The sharp criticism in rallies during the evening of Jan. 9 in the D.C. suburb of Silver Spring, Md., two more in the capital city on Jan. 10 and elsewhere that day – including in Chicago and Kansas City – came as Trump’s lockout stretched into its 20th day, and after Trump stormed out of a meeting with congressional leaders he called the day before to discuss the issue.
At that Jan. 9 session, Trump bluntly asked House Speaker Nancy Pelosi, D-Calif., if Democrats would agree to his $5.7 billion demand for money to build a Mexican Wall in return for ending the lockout/shutdown. She said “no,” and he marched out. Senate Minority Leader Charles Schumer, D-N.Y., who also participated, called Trump’s action “a temper tantrum.”
Meanwhile, replying to Trump’s prior claim that unpaid, locked-out workers could “make do” or ask their parents for money, Pelosi later retorted that, unlike Trump, their parents didn’t have millions of dollars to lend. Trump’s late father, Fred, gave him millions to get his development business going.
Speakers at the rallies, including several of the locked-out workers, made the point they want to go back to work for everyone in the country, in jobs ranging from meat inspection to airplane safety inspection to working at national parks to researching cases for U.S. Supreme Court briefs.
But they want respect, and they want to get paid. Trump, speakers said, refuses both.
“At age 71, I need a job,” Lila Johnson, a 21-year contract worker at the Agriculture Department, told the D.C. crowd of several thousand gathered in front of the AFL-CIO before marching two blocks to the White House.
“But until we start fighting back, that won’t get done. He don’t want to do it,” she added. Contract workers like Johnson – such as janitors and fast-food workers at malls in federal buildings – get no back pay even when the shutdown ends. In past GOP-caused shutdowns, regular workers later got back pay, though some had to sue for that, too.
“Until we do that” – fighting back – “this president will continue to act like a 6-year-old,” Johnson said.
“Every federal employee has done their job, but the White House has not done its job,” added Sen. Mark Warner, D-Va., one of a parade of lawmakers who alternated with union leaders and rank-and-file locked-out workers at the AFL-CIO podium.
At midnight Dec. 21, Trump shut the Interior, Justice, State, Treasury, Commerce, Housing and Agriculture Departments among others – plus the EPA and other key agencies -- which lack money. He won’t sign their money bills unless Congress kowtows to his Mexican Wall money demand.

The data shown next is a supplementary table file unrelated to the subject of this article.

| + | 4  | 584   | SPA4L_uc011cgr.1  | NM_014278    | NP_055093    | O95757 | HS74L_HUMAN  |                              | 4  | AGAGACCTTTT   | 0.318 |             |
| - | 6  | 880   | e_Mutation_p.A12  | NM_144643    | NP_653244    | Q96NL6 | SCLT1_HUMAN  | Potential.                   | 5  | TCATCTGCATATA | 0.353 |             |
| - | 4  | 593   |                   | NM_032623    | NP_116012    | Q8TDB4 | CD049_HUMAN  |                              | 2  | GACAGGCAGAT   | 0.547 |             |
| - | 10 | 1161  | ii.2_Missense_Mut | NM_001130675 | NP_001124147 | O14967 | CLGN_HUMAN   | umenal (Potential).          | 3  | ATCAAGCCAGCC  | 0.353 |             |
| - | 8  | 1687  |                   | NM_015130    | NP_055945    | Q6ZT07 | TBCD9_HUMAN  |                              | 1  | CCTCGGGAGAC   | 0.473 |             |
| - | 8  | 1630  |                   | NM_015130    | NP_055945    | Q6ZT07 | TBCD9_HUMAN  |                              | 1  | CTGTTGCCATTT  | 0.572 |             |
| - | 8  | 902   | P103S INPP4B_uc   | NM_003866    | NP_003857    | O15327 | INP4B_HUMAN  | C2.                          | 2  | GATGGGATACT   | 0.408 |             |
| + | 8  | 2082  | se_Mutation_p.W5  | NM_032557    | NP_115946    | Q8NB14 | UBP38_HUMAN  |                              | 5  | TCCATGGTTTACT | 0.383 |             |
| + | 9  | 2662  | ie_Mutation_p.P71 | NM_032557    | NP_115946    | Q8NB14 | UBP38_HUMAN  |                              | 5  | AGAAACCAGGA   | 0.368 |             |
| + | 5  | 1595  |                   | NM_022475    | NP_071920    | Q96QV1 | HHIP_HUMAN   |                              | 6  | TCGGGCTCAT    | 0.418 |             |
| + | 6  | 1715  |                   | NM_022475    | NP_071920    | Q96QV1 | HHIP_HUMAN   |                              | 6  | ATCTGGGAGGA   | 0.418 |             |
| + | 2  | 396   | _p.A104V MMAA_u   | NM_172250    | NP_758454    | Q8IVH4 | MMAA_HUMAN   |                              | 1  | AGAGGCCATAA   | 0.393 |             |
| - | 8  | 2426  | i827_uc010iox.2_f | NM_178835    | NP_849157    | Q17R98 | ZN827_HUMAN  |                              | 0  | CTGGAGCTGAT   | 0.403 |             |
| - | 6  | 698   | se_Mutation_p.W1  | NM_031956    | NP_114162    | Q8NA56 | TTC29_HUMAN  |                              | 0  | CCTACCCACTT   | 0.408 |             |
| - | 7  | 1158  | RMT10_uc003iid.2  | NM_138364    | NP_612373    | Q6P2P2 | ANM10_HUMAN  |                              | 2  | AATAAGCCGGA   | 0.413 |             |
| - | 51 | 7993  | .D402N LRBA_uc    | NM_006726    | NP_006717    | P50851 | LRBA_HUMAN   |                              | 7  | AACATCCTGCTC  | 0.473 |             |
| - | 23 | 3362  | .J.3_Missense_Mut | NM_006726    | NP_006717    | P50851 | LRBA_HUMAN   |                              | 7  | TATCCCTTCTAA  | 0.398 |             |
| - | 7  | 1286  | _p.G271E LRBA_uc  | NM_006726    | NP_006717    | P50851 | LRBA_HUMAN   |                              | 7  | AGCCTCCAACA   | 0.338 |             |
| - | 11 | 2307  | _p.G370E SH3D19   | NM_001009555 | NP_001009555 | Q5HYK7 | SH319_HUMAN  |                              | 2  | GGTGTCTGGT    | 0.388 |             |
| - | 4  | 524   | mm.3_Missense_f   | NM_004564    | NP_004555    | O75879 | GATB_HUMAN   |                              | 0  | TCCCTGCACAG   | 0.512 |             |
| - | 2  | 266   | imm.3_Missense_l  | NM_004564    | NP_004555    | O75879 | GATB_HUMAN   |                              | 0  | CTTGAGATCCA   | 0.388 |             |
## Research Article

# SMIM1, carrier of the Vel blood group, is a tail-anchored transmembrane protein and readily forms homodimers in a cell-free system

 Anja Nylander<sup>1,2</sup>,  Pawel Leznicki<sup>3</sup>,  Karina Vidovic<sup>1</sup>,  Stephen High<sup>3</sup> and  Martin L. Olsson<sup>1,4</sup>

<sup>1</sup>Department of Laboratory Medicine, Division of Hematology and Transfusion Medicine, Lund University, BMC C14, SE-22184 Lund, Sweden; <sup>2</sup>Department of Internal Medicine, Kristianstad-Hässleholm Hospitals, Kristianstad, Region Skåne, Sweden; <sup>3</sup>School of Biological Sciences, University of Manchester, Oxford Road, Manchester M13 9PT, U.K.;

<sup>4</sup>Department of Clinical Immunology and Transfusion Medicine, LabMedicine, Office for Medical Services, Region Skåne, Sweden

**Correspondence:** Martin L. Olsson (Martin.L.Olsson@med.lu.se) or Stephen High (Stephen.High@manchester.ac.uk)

As a result, some 800,000 feds, plus three times as many dependents, face payless weeks or months. But Trump forced about half of them to work, anyway. They’re “essential,” but their pay isn’t.
The ejection of half of the workers led AFL-CIO President Richard Trumka, in his speech, to declare the shutdown was a management – Trump – lockout.
Trump wasn’t in D.C. to hear the workers’ chants and protests on Dec. 10. He spent part of the day visiting a section of the border in McAllen, Texas, for what even he called a “photo-op.” The Texas ACLU and various local Latino groups mounted an anti-wall, anti-shutdown protest there.
Several speakers on Jan. 10 added Senate Majority Leader Mitch McConnell, R-Kent., to the list of culprits, citing his absolute refusal to even allow solons to vote on House-passed money bills to reopen the government while continuing talks about funding Trump’s wall. Those money bills are identical to legislation bipartisan majorities approved just before Dec. 21. Trump agreed, then reneged.
“Senators, senators, do your damn job!” declared J. David Cox, president of the largest federal workers union, the Government Employees (AFGE). “Don’t be scared by the president of the United States. You were elected in your own right.”
“We’re here to tell Mitch McConnell to stop hiding from reality,” Cox added.
But Trump was the main target of the speeches, chants and signs, and not just from union leaders such as Cox, Trumka, Treasury Employees President Tony Reardon and AFSCME President Randi Weingarten. She called Trump’s lockout “hostage taking.”
Unionists chimed in with frequent chants. “We want to work,” one went. “Now!” “We want our pay,” followed that. “Now!” “Hey, hey, ho, ho, the shutdown has got to go,” another chant sounded.
And both solons and leaders hit hard at Trump, who proudly takes responsibility for the shutdown/lockout.
“Stop making people work without pay,” said Rep. Jamie Raskin, D-Md., who hosted the Jan. 9 rally. “Stop threatening food stamps for 38 million Americans!” USDA pays for food stamps; those funds will run out next month. USDA food inspectors have been sent home, too.
“We need a leader, not a demagogue,” Rep. John Sarbanes, D-Md., said of Trump. “We need a president, not a grandstander.”
But some of the sharpest words came from Jaime Contreras, a Service Employees vice president and president of its D.C-Maryland-mid-Atlantic local of SEIU 32BJ, the janitors’ union.
“From a military veteran who came here undocumented in 1998” – he’s now a citizen – “this message goes to our draft-dodger, our liar, our cheater and our racist: Shame on you!” Contreras said. “And the same thing goes for Mitch McConnell.”
- Mark Gruenberg, PAI